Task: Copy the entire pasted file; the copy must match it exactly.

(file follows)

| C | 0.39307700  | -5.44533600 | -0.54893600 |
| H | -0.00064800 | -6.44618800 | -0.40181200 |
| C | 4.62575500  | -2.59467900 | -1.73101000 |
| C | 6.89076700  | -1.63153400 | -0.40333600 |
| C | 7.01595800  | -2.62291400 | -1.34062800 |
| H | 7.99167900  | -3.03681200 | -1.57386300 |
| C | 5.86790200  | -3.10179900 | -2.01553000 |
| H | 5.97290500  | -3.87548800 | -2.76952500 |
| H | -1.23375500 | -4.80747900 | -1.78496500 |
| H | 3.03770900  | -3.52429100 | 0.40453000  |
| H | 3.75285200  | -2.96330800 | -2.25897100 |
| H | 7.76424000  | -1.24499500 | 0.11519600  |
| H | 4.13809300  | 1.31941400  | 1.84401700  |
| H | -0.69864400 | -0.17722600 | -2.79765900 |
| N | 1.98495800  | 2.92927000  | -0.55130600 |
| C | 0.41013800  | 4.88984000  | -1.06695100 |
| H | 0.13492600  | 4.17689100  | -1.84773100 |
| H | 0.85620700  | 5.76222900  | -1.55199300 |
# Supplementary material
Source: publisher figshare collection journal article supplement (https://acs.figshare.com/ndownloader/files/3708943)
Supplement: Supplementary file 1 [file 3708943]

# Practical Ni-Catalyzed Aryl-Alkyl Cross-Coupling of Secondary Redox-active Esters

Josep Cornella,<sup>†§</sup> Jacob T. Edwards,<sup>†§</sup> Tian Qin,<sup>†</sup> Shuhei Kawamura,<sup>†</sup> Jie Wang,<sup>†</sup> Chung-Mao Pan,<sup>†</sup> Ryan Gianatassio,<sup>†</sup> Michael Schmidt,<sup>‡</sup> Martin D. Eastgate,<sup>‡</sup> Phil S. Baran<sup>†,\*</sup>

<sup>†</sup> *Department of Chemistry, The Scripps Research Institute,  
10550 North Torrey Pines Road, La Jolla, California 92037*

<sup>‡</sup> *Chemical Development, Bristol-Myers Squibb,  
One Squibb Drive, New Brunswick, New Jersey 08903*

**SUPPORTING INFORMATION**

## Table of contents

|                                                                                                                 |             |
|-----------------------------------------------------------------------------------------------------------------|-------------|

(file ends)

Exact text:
| C | 0.39307700  | -5.44533600 | -0.54893600 |
| H | -0.00064800 | -6.44618800 | -0.40181200 |
| C | 4.62575500  | -2.59467900 | -1.73101000 |
| C | 6.89076700  | -1.63153400 | -0.40333600 |
| C | 7.01595800  | -2.62291400 | -1.34062800 |
| H | 7.99167900  | -3.03681200 | -1.57386300 |
| C | 5.86790200  | -3.10179900 | -2.01553000 |
| H | 5.97290500  | -3.87548800 | -2.76952500 |
| H | -1.23375500 | -4.80747900 | -1.78496500 |
| H | 3.03770900  | -3.52429100 | 0.40453000  |
| H | 3.75285200  | -2.96330800 | -2.25897100 |
| H | 7.76424000  | -1.24499500 | 0.11519600  |
| H | 4.13809300  | 1.31941400  | 1.84401700  |
| H | -0.69864400 | -0.17722600 | -2.79765900 |
| N | 1.98495800  | 2.92927000  | -0.55130600 |
| C | 0.41013800  | 4.88984000  | -1.06695100 |
| H | 0.13492600  | 4.17689100  | -1.84773100 |
| H | 0.85620700  | 5.76222900  | -1.55199300 |
# Supplementary material
Source: publisher figshare collection journal article supplement (https://acs.figshare.com/ndownloader/files/3708943)
Supplement: Supplementary file 1 [file 3708943]

# Practical Ni-Catalyzed Aryl-Alkyl Cross-Coupling of Secondary Redox-active Esters

Josep Cornella,<sup>†§</sup> Jacob T. Edwards,<sup>†§</sup> Tian Qin,<sup>†</sup> Shuhei Kawamura,<sup>†</sup> Jie Wang,<sup>†</sup> Chung-Mao Pan,<sup>†</sup> Ryan Gianatassio,<sup>†</sup> Michael Schmidt,<sup>‡</sup> Martin D. Eastgate,<sup>‡</sup> Phil S. Baran<sup>†,\*</sup>

<sup>†</sup> *Department of Chemistry, The Scripps Research Institute,  
10550 North Torrey Pines Road, La Jolla, California 92037*

<sup>‡</sup> *Chemical Development, Bristol-Myers Squibb,  
One Squibb Drive, New Brunswick, New Jersey 08903*

**SUPPORTING INFORMATION**

## Table of contents

|                                                                                                                 |             |
|-----------------------------------------------------------------------------------------------------------------|-------------|